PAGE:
As soon as December hits, you can’t move for Mariah Carey (Picture: WireImage)
Last Christmas, by Wham.
All I Want for Christmas is You, by Mariah Carey.
We’re only two weeks into December and they’re back already, dominating the airwaves and occupying the top two spots in the charts.
This isn’t the first time in recent years that this has happened, either.
Wham’s 1984 hit, which is currently number one, has been top of the Official Singles Chart in the festive period three times in as many years, while Mariah’s 1994 single, sitting pretty in second place in the official charts, has reached the summit twice since 2020.
While neither of them has ever secured the coveted official Christmas number one – thanks to a combination of Band Aid, East 17, and then five consecutive years of LadBaby – we’re likely to be seeing them in or around the top spot for decades to come.
Both have a deserved place in the Christmas hit pantheon, with their cultural importance well-acknowledged and totally preserved.
But I’m forced to ask – where are the new hits?
Last week, a list was published of the biggest Christmas songs released so far in the 21st century. It was alarming to note just how many of the highest entries were covers or uninspired reimaginings of traditional Christmas classics.
Michael Buble’s nauseating Rat Pack renditions, two retreads of Band Aid, Lily Allen providing her take on a Keane song for a John Lewis advert, Kylie Minogue wrapping herself around Santa Baby – there’s hardly anything new.
And of the original songs on the list, contributed by some of the biggest pop names since the 2000s, precious few have stuck around.
The Darkness’ Christmas Time (Don’t Let the Bells End) was welcomed instantly into the festive canon upon release, Leona Lewis’ One More Sleep still gets regular rotation, and Ariana Grande and Kelly Clarkson’s efforts are beginning to find their home on festive playlists.
But is that it? 23 years of the new millennium and this is all we have to show for it?
Katy Perry, Gwen Stefani, and John Legend have all released original Christmas songs in the last six years. When was the last time you heard any of them?
Fairytale of New York, by the Pogues and Kirsty MacColl, is shooting up the charts in the wake of Shane MacGowan’s death
Before LadBaby came along to secure five straight Christmas number ones with their sausage roll tributes – all of which vanished from the charts within weeks – the 15 years prior to their arrival had been defined by non-festive songs topping the charts on the big day.
For almost a decade it was inevitable that each year’s X Factor winner would take the top spot, outside of Rage Against the Machine’s 2009 protest victory or a Gareth Malone’s choir.
In the 1990s, the Spice Girls, arguably the biggest act in the world at the time, locked down the Christmas number one for three years, with the first of those singles, 2 Become 1, decorating itself in enough tinsel to be associated with the holiday season.
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But where are the 2023 equivalents? Does Harry Styles fancy a go? Miley Cyrus? Dave? Lewis Capaldi? Dua Lipa? Anybody?
Pop music is supposed to be about new things – it should be a reflection of the changing landscape of popular culture, and that’s why it’s such a shame that at Christmas, we tend to hear the same songs.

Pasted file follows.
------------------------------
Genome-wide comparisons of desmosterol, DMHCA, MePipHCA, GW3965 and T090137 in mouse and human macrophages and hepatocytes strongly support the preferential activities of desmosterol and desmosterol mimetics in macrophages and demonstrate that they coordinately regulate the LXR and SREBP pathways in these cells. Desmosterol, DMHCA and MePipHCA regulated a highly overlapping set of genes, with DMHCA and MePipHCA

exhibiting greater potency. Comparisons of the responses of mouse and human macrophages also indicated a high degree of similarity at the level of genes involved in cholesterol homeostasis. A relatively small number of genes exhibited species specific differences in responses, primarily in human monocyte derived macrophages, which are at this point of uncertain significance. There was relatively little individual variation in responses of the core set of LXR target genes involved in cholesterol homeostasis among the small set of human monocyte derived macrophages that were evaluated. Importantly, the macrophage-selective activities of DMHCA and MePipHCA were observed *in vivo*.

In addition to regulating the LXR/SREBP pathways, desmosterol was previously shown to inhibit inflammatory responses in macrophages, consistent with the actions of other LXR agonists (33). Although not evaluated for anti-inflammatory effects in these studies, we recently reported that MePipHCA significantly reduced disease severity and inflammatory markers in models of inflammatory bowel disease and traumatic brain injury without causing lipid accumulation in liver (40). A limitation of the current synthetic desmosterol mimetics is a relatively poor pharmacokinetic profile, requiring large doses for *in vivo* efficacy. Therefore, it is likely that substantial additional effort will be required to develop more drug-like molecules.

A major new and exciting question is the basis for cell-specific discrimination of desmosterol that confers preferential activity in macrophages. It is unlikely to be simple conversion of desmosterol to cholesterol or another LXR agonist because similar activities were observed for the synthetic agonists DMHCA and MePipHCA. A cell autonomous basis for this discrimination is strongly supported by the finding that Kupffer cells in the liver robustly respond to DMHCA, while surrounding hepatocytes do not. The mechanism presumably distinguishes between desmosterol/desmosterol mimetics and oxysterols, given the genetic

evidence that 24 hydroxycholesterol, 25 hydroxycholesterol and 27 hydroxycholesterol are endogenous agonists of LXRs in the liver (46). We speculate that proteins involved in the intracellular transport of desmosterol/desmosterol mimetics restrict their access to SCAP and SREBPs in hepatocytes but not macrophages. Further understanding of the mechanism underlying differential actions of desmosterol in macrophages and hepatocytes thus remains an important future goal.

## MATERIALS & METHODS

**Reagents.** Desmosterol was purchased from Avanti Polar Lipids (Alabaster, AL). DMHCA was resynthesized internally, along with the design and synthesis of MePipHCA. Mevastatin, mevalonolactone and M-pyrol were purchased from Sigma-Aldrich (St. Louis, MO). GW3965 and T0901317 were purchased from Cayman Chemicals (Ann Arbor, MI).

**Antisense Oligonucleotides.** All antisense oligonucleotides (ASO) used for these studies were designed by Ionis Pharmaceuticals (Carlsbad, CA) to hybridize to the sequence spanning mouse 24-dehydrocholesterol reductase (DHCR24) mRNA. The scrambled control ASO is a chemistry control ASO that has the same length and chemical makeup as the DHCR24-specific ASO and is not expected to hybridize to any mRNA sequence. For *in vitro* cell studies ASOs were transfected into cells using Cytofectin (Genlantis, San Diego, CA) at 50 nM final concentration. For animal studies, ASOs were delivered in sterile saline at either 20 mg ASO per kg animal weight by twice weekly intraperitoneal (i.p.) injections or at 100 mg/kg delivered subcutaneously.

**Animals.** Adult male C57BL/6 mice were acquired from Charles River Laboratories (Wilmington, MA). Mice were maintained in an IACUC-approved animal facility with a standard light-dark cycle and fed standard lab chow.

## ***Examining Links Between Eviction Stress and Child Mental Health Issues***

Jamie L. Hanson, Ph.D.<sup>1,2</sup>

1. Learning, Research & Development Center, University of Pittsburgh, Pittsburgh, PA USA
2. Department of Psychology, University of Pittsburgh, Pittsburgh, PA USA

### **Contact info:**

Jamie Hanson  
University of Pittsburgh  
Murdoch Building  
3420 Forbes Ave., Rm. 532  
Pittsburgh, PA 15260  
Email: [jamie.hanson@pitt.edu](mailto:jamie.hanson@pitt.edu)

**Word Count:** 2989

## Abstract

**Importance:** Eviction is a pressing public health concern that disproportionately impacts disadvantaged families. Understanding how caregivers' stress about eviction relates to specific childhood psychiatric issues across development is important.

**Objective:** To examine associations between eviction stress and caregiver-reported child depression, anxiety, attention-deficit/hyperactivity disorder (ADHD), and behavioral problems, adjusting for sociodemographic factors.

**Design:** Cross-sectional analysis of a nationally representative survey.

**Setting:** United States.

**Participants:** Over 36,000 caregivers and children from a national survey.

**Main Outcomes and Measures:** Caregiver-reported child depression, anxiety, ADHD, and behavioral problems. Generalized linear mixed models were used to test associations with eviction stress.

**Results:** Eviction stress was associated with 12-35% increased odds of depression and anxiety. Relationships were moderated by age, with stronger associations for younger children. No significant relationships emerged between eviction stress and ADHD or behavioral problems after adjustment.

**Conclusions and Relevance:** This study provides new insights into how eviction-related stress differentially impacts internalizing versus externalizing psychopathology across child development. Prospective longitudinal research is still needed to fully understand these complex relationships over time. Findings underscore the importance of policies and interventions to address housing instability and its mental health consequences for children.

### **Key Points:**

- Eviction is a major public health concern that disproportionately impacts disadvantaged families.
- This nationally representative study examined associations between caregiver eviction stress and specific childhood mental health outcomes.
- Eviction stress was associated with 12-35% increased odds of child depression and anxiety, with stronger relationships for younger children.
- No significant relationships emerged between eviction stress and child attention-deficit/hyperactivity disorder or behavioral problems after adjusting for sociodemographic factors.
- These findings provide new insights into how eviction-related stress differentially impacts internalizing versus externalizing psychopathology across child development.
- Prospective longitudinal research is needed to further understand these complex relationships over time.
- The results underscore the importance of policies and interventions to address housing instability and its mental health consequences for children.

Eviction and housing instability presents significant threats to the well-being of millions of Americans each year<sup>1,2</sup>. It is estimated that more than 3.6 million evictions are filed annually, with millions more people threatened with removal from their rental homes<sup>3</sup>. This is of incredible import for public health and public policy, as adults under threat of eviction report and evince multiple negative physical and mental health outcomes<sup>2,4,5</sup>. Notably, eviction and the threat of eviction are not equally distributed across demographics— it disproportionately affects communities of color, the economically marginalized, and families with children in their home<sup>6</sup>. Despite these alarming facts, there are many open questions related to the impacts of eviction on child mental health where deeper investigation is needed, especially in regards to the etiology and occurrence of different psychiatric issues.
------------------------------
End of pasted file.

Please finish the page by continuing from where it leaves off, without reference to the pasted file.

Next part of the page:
This year’s chart battle for the actual Christmas number one slot looks to be a straight fight between The Pogues’ 1987 hit Fairytale of New York, after the death of its writer and singer Shane MacGowan, and Creator Universe, a group of TikTok stars raising money for charity… by covering Wizzard – yet another Christmas song from half a century ago.
Last Christmas, by Wham, is number one again (Picture: Redferns)
This means the only original festive song by a current pop artist – the UK’s Eurovision hero Sam Ryder and his song You’re Christmas to Me – is languishing at number 12, having been squeezed out of the public consciousness before it’s had a chance to present itself.
I know I must sound like such a fogie right now, but I loved new Christmas music growing up. The race for number one in 2003, between The Darkness, Gary Jules, and Bo Selecta, was gripping entertainment for teenagers everywhere. I want the same for the current generation.
Why is it that only songs from mine or my parents’ generations get to dominate charts and party playlists year on year? What’s there for the kids of today?
Don’t get me wrong – I love The Pogues and Kirsty MacColl. I love Wizzard. I love Greg Lake. I love The Darkness. I love Slade and Jose Feliciano and The Ronettes and Nat King Cole. I even love Wham and Mariah Carey. But their time should have been over years ago.
The established canon of Christmas favourites has barely expanded since I was in primary school, and denying the likes of Sam Ryder, or even Nala the Stevenage Train Station Cat’s novelty dance track, the chance to make a small piece of Christmas history is indicative of what lies ahead: no new songs and no new memories.
Maybe the Official Charts Company needs to revamp the Christmas Number One race, or reconsider the way it counts sales in the age of streaming.
Maybe the pop stars of today need to be bolder in choosing to release a festive hit.
Maybe we just need to ban anyone singing about sausage rolls.
But something has to change, otherwise it will always be Last Christmas roast on the 25th with copious amounts of Mariah for pudding, then plain Wham sandwiches until New Year’s Day.